pressed in the mantra "Tat tvam asi"---expounding ana-
lytically that the words 'tae and 'tvcurn: denote liDga and
aitga respectively and that the word 'asi' stands for their
identity which is the truth of both.
The pupil is then led through a solemn process of
initiation known as Maha Saivi which results in
snapping asunder the bonds of ignorance, effecting the
union of .A:bga with Liilga and removing the three-fold
impurity.
diyate lingasambandha}J. ca malatrayam/
diyate yasmat sa dik$e'ti nigadyate//
1
Dikea is threefold : (a) Vedhatmika, (b) Mantrat-
mika and (c) Kriyatmika.
(a) The word Vedhii stands here as a symbol for the
1 In !the 6wa:!'W"'iiM (o\Tiiya. So.m , Pt it chap. 18) the verse appears in the
folloWing shghtly altered form.
diyate yena VI)iliinam ksiyate piOaba.ndhanam/
tasmlt samsldi.ra evi'yam dikse'ty api ca kathyate/ I
The llludrt>giimala and Mmttan6r'a also contam the same definition of diksii (See
Benares Ed , p. 40); so the De:ui'bhiJgavata XII. 7 5 cf also
S;va SUtra m. iS, w1th IC.enlariija's Vnnarlini (pp. 114-116) and Bhiskara's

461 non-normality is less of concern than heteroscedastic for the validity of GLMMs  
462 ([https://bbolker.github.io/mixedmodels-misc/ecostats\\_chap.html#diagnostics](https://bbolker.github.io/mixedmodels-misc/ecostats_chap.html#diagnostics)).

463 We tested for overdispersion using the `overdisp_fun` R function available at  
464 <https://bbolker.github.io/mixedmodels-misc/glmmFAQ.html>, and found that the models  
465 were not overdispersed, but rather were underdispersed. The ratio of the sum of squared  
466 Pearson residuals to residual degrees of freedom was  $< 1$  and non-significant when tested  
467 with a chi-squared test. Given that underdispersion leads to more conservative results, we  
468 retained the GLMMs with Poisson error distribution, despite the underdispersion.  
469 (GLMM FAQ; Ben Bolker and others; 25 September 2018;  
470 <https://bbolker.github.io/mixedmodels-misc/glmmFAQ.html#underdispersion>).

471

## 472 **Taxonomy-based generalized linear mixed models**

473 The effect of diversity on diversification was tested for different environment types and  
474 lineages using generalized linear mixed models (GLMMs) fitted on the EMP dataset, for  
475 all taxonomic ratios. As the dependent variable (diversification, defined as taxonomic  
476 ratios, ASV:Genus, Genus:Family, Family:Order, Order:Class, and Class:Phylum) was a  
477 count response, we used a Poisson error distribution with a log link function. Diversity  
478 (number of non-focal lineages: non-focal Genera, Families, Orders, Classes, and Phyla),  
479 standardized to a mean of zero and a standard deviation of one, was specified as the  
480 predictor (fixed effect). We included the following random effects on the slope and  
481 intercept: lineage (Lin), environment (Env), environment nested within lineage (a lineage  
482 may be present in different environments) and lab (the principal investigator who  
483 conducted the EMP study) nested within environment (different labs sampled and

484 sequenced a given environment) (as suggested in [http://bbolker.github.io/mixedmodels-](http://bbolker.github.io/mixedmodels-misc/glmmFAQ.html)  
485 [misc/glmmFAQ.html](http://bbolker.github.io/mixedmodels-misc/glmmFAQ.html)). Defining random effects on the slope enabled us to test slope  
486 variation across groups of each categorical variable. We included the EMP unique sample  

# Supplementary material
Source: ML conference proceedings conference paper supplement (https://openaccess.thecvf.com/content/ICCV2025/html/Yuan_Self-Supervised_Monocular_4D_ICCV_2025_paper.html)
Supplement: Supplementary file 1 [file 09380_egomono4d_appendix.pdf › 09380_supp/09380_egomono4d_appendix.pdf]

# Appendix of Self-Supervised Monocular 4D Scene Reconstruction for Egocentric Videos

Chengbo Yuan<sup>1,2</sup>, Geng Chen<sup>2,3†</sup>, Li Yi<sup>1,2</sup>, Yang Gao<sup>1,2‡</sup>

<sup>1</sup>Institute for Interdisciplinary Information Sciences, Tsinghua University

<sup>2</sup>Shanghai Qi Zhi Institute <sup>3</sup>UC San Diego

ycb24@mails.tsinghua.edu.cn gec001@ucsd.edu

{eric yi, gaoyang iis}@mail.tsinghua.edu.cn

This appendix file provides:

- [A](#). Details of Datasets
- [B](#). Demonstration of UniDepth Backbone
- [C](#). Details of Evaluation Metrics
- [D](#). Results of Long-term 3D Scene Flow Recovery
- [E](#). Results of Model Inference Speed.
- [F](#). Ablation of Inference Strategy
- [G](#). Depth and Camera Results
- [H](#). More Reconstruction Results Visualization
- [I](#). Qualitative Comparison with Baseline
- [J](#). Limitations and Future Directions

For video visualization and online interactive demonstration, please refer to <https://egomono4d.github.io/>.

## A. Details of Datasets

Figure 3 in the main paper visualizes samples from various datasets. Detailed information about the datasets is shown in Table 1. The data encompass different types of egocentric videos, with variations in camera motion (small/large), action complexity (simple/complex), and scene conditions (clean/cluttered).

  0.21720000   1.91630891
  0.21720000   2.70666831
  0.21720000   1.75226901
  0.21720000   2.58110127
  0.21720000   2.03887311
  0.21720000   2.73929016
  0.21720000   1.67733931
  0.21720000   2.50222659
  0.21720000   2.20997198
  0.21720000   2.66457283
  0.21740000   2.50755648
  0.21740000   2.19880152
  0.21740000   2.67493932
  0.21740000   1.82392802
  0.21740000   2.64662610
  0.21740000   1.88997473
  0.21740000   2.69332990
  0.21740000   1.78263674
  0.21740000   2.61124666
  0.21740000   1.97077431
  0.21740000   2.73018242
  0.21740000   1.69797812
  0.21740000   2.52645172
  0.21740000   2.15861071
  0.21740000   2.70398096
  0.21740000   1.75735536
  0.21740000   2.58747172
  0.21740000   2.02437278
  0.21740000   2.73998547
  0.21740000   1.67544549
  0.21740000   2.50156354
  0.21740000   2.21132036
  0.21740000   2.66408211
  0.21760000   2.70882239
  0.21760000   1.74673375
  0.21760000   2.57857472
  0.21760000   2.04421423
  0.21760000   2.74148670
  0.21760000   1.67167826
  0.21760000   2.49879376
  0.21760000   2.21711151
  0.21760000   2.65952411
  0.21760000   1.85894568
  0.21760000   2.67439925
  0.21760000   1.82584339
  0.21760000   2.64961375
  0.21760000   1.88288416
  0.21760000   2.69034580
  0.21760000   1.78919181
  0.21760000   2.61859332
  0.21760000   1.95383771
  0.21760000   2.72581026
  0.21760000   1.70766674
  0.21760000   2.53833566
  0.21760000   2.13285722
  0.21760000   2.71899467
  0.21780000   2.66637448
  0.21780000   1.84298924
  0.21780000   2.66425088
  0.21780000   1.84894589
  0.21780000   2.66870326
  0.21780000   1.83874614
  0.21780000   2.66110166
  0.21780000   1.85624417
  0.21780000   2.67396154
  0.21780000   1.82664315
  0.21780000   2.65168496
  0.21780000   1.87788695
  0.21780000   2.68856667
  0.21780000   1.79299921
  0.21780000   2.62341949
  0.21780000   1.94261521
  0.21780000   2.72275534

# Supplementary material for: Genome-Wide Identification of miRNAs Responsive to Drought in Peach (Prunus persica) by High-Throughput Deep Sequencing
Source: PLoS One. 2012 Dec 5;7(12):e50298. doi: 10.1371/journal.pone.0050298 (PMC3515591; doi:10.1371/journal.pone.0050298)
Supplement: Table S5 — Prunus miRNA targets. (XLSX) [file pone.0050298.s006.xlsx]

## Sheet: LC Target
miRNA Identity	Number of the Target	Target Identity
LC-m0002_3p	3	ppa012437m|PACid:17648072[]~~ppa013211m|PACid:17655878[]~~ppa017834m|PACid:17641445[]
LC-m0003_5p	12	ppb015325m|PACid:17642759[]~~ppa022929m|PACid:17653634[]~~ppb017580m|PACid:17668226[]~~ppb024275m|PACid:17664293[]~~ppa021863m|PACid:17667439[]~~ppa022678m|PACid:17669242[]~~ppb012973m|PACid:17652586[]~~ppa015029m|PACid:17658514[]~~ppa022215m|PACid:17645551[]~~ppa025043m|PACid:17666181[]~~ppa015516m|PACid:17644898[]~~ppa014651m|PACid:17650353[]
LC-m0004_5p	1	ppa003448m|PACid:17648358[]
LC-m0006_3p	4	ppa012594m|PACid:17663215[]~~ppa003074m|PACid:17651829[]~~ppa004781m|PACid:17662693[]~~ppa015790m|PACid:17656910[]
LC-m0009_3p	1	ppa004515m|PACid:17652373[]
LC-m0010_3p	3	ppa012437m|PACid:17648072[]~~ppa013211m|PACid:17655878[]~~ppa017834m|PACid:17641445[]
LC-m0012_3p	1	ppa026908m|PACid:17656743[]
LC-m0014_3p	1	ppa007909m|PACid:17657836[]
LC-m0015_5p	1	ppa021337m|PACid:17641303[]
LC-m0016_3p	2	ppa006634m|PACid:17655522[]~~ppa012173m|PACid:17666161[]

VthtJti'ka (pp. 00.70), Siddh®tamlihi>n-i, ch. VI, 11-li (p. llli).
VlRA $AlVA PHILOSOl'HY
159
touch of the teacher's hand on the disciple's head.
The mere gazing of the teacher is enough to rouse into
action the spiritual energy of the disciple.' In the Sivii/J,.
vaitadcurpaw ( ch.. Ill) it is further observed that the
result of this is the contact ( swiayoga) of the
Yoganga (the soul as conditioned by its causal envelope)
with the Bhavalinga.
(b) Manflra means what the teacher whispers into
the ears of the disciple. This form of consists in
the instruction of the great five-syllabled mantra and is
represented by the contact of the Bhoganga of the Jiva
with the Pr8J;lalinga.
2
(c) Kriya dileya is the ceremonial part of the initia-
tion, in which the disciple is seated within the svastika-
circle drawn, and made to repeat by way of penances the
name of Siva and to meditate on Him. Then follows the
three-fold anointment of the dl.sciple with waters from
five jars.
3
Such is the mysterious power of this initiatory pro-
cess that it effects a complete revolution in the life of the
neophyte. It makes manifest to him his hidden and!
hitherto unrecognised powers and secures for him the
1 Cf. Anubluwa &afJra, V. 40, 67. Also StklWim.,.., VI. 18-14.:
guror i.lokamitrena hastamastakayog&laW
yah Blvatv-ve8o vedhidikse't1 si mali//
&im,antcnta<!&rya adds : guror drshgarbhe sth1tvi ;ka.rakamele ssmupan-
nasy&'tmana.h cmmayasva:riipopad.SO vec!hidiqi.
2 Cf. Anubkava &afJra, V. 41, 68 , &ddhiinta 8tkl!iirn.r1w., VI. 14,

8 Knyi refers to what is olfered by the guru to the ihSClple tn Ius hand,
i.e. the &valmga The rule is tha.t an ausptc!OUS lmga (one made of crystal,